What is the Trick to Making Your Franchise Witness Sound Believable at Trial?

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Our thoughts, so far, presuppose that you will be candid with a client or potential client once you have evaluated his position based on the available evidence.

If you will continue to tell folks that they are on the side of the angels when it is clear that the other side has something significant supporting it's position, and don't aggressively promote amicable resolution, then you need not read any further.

When Arthur Anderson accounting shredded documents regarding Enron's business, in the face of an obviously oncoming SEC and grand jury investigation, some fool concocted a position that they weren't doing that to conceal evidence or obstruct justice, but they were 'just' complying with their records retention policy. If you are at that level of stupidity, you are counting upon a jury of idiots, which, of course, Arthur Anderson didn't get.

And, amusingly, it was some dumb lawyer who concocted that scenario for the company. Delusional lawyers and desperate clients concoct fanciful stories that are not worthy of belief and try to sell them to a room full of ordinary folk with ordinary common sense. Most of the time it bites em in the ass. This article is not for such people.

We are now at the point at which our investigation about our client's position is telling us that we have a sound evidential and legal position, and we are not getting anywhere with initial efforts at reasonable settlement.

People will have to be deposed.

Now is when you prepare for trial -- not prepare for a deposition -- prepare for trial.

To me the deposition is the trial. I want my people to be as good in the deposition as they will be expected to be at trial. If that can be accomplished, the deposition transcript will not be useful in the witness' cross examination, for there will be no prior testimony inconsistent with his trial testimony. The deposition will serve to enhance chances of settlement.

Witness preparation begins with reassurance.

Tell the witness what you think about the case.

Tell the witness that the only thing he can do to hurt you is to be untruthful.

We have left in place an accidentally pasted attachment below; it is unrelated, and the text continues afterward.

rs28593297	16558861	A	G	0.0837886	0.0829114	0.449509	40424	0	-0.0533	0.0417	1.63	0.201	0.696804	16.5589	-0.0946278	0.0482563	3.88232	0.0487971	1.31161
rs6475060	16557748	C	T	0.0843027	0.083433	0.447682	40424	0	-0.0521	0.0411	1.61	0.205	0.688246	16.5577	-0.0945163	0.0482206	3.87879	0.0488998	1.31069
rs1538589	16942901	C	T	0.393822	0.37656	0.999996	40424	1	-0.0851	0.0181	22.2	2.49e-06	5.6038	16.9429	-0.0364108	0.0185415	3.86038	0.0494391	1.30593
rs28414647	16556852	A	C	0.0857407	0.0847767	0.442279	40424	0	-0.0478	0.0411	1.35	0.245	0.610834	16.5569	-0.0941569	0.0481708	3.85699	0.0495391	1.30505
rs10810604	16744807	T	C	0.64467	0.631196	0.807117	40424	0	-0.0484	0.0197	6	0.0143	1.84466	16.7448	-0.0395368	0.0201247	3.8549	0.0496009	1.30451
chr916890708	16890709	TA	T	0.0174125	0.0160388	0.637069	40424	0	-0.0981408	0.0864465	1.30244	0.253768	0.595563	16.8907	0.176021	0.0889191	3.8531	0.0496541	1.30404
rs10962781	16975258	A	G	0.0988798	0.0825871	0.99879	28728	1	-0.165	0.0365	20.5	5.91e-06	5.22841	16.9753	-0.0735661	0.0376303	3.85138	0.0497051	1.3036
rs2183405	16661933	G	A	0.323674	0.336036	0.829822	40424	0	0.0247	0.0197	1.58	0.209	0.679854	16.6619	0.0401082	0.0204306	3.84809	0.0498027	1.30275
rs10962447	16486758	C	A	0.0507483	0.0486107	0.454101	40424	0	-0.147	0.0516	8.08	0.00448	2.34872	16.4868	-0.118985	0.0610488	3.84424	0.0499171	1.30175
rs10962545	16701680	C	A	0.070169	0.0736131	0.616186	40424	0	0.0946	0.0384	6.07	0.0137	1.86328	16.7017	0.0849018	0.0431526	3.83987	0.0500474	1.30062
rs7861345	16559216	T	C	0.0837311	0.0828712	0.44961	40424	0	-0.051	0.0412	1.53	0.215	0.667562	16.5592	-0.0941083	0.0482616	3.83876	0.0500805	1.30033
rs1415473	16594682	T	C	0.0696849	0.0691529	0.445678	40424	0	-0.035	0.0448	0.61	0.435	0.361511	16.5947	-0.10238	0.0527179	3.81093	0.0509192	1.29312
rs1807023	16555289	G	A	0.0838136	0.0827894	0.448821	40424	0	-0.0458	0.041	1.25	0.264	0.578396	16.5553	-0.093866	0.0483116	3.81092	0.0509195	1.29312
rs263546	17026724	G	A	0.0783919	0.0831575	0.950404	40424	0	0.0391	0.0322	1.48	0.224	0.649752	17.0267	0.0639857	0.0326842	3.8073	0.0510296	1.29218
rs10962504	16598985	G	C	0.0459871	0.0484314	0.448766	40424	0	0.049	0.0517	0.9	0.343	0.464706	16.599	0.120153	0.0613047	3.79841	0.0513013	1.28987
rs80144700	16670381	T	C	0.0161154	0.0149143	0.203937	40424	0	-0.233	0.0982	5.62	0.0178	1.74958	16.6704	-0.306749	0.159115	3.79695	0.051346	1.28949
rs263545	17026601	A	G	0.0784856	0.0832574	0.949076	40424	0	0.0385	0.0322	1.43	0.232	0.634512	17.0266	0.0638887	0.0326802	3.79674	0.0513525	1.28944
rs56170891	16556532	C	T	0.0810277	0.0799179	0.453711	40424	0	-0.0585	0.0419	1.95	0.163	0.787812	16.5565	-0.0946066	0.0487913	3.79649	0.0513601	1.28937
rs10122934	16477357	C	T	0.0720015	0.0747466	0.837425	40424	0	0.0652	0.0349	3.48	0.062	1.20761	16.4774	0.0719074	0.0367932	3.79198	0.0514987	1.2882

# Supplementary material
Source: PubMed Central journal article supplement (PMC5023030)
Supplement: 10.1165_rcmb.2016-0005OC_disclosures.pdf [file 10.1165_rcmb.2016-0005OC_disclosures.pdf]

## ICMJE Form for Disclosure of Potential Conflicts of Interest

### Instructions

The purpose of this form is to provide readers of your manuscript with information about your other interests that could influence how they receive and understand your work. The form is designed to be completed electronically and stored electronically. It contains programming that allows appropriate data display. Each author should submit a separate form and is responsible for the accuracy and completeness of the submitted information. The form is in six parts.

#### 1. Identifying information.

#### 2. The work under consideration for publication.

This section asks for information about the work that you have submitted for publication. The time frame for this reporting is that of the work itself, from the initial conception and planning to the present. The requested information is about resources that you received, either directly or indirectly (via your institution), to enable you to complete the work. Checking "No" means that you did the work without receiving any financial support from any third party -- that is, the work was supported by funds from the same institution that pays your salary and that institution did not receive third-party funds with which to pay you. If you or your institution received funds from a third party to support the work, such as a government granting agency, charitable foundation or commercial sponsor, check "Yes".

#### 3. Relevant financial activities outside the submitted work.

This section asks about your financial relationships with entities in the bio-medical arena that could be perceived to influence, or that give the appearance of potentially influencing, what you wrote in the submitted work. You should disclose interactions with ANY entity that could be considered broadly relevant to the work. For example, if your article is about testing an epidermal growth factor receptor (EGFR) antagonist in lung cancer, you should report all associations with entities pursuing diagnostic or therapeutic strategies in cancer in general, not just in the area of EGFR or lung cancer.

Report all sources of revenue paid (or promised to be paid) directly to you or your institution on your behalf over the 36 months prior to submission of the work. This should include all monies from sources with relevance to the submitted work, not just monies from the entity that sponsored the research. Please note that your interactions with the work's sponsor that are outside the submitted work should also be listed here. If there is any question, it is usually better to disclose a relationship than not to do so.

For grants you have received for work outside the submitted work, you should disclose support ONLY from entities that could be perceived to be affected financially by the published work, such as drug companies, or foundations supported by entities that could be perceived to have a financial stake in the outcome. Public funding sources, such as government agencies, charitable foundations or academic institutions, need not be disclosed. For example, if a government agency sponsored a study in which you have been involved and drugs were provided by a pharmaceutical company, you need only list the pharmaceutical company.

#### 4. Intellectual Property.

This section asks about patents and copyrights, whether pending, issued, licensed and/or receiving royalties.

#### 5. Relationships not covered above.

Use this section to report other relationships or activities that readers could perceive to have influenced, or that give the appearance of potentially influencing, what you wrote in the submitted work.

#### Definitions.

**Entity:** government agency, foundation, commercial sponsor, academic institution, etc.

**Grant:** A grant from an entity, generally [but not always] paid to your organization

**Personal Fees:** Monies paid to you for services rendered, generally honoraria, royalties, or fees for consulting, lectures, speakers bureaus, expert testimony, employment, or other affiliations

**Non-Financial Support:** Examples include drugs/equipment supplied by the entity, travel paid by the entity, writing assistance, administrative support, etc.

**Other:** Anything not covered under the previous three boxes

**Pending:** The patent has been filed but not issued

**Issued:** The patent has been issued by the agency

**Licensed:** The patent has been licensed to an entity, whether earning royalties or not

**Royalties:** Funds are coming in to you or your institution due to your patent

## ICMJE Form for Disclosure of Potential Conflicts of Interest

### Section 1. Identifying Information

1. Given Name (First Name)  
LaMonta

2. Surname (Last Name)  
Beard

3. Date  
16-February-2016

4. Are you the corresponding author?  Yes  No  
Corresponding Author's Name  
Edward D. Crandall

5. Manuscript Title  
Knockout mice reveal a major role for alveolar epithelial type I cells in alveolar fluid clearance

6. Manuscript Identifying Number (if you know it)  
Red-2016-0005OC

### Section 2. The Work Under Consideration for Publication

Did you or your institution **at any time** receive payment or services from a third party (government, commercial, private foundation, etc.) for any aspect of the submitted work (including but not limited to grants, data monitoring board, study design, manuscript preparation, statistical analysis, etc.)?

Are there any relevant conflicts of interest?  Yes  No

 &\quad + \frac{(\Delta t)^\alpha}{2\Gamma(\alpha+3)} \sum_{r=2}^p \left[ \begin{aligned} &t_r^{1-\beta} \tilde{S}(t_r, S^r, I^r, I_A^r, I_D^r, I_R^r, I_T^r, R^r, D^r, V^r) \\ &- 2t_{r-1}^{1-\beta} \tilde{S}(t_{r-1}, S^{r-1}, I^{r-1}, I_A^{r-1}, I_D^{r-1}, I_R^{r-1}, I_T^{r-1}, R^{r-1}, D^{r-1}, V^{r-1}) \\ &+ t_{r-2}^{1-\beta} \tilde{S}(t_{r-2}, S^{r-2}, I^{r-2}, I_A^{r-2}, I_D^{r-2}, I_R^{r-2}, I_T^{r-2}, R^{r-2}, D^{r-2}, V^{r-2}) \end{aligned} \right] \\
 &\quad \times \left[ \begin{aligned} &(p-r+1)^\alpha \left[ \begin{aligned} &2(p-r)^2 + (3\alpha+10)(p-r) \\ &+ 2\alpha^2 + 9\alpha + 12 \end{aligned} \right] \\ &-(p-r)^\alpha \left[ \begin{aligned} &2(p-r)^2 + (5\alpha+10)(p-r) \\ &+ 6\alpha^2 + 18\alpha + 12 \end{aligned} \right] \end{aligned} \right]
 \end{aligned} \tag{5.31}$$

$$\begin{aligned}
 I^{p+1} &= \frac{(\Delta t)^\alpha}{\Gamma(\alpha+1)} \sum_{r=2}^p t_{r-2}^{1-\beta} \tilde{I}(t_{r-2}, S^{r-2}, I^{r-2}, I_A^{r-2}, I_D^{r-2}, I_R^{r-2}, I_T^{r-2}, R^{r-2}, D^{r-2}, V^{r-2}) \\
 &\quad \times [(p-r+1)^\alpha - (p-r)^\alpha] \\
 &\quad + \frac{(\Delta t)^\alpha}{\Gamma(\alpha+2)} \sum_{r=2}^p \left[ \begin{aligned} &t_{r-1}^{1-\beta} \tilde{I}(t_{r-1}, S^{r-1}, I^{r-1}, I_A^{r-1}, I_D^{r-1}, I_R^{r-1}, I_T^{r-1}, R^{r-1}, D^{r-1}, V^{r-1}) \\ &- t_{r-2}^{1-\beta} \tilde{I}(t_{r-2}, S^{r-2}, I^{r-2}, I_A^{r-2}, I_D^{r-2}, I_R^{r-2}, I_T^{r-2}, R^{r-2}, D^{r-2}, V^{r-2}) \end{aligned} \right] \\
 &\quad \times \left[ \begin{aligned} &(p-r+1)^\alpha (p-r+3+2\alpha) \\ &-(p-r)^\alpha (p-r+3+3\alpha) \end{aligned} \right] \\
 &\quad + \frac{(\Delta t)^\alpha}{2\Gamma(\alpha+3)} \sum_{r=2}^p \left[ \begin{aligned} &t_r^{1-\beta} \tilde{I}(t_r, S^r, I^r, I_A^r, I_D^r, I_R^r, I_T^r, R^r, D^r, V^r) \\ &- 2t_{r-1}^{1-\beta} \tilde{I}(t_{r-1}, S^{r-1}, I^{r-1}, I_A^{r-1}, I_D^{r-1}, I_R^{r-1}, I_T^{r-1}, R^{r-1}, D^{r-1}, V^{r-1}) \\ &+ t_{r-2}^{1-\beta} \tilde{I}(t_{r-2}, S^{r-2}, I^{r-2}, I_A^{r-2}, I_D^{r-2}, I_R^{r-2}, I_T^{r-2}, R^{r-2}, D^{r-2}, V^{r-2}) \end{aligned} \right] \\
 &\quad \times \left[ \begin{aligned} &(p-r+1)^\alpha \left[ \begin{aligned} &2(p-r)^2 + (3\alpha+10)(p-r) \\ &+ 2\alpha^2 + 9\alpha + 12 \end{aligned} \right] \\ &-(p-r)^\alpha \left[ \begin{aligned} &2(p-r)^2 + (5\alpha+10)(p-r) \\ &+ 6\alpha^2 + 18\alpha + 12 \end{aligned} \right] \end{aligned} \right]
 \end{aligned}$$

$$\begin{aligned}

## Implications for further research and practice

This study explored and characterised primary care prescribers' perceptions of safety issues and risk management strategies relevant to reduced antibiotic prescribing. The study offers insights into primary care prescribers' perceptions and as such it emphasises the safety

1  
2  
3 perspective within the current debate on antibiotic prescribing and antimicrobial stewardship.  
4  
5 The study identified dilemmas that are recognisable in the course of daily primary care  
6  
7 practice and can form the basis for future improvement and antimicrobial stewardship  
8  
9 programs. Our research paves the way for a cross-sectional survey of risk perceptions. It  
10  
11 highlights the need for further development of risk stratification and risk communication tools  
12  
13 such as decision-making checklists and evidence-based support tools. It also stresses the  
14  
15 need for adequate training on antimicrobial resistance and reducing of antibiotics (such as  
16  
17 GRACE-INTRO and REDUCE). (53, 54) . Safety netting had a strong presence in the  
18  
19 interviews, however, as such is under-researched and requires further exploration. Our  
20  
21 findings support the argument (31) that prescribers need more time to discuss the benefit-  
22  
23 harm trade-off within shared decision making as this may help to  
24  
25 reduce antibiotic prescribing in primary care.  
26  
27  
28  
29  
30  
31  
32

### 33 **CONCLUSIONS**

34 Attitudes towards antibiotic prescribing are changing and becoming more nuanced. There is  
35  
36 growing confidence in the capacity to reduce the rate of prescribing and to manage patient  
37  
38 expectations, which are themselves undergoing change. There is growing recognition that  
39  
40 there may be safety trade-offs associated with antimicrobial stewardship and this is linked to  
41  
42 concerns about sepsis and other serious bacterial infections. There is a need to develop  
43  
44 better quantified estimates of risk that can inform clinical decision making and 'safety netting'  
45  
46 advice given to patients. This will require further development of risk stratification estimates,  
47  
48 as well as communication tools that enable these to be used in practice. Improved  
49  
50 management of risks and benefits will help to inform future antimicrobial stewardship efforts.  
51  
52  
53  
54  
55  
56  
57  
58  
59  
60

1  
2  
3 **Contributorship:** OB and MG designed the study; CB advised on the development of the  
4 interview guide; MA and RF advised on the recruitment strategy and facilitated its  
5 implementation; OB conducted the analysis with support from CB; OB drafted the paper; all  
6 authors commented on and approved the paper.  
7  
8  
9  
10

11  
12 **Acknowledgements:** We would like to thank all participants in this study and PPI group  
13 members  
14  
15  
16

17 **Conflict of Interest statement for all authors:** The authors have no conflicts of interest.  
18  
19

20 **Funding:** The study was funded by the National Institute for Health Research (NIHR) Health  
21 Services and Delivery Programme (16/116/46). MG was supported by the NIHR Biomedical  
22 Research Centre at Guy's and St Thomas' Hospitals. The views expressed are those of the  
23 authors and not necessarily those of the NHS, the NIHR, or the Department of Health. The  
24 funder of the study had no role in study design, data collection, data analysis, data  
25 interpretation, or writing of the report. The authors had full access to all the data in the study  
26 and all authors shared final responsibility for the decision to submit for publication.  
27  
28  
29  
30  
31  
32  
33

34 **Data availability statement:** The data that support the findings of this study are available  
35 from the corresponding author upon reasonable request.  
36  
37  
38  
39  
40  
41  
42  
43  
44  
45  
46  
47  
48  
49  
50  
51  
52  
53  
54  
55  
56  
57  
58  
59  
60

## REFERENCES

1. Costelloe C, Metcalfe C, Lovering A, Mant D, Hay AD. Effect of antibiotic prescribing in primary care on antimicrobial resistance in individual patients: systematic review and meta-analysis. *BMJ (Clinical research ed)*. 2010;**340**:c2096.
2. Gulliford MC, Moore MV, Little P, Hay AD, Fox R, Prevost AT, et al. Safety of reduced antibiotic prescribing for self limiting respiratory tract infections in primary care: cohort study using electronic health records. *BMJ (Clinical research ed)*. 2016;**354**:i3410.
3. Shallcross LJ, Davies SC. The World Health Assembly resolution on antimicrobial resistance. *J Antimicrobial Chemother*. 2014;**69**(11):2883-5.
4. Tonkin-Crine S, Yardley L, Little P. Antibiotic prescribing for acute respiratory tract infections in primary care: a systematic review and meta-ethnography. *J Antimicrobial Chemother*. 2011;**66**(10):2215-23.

Tell the witness that if you have made a mistake and he spots it, the greatest favor he can do for you and for the company is tell you what that mistake is.

If his perception differs from yours, remember that he was there when it happened. You weren't.

Tell the witness that the plainer and simpler the telling of the truth is, the more believable a witness he will be.

Tell the witness that it is easy to remember the truth and difficult to tell untrue stories the same way more than once.

Tell the witness that what you are going to help him do is to tell the truth in the plainest and simplest and most direct form, eliminating extraneous noise that everyone has when they speak of events and their participation in them.

Tell the witness that not every fact in any case is going to be one hundred percent in support of your side of the case, and that the negatives have to be dealt with in equally straight forward a manner as the positives.

A witness who will, without hesitation, own up to a mistake is a believable witness. Having been up front about the bad stuff, what he says about the good stuff will be pure gold credibility.

If you have no confidence in your case because of the presence of negative facts, then you probably don't have a case and ought to settle it as soon as possible. Negative facts abound in every business dispute There are always mistakes in every single business project. Perfection is impossible, and pretense about never being wrong is a hallmark of a liar.

Now that you have had the conversations with the witness that have provided him with the requisite comfort level, and trust has been established between you, it is time to 'work' the documents and hear what he has to say -- round one.

 

Tamerlane group's purpose is to prevent you from shooting yourself in the foot when you see a bad event threaten to develop. Our focused expertise in crisis management can prevent these situations from developing if we are called before someone makes self-humiliating public statements/files absurd lawsuits. 

(Here is Part 2. This is Part 3 of 6 on How to Win Franchise Trials. Here is Part 4)

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2 Comments

I have sat through depositions in which opposing counsel made it obvious to all how poorly a witness's evidence may be received at trial.

I have seen this also work in mediations, in which the skillful mediator leads the discussion about what might happen not a trial, but when the witness is deposed.

It feels righteous to be on the side of Angels as Richard puts it, but it's much better to have a facts and a good case.

You often hear that people are engaged in a legal dispute based on "principle" and not the money.

Well's it's always about money and you better be willing to risk yours to prove your principle.

And if you lose the case you always got "principle" to fall back on as a victorious rationalization.

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This page contains a single entry by Richard Solomon published on August 27, 2013 11:06 AM.

Who Goes To Jail For Misleading Consumers about Franchise & Business Opportunities? was the previous entry in this blog.

Does Your Lawyer Make These Mistakes In Preparing You for Your Franchise Trial? is the next entry in this blog.

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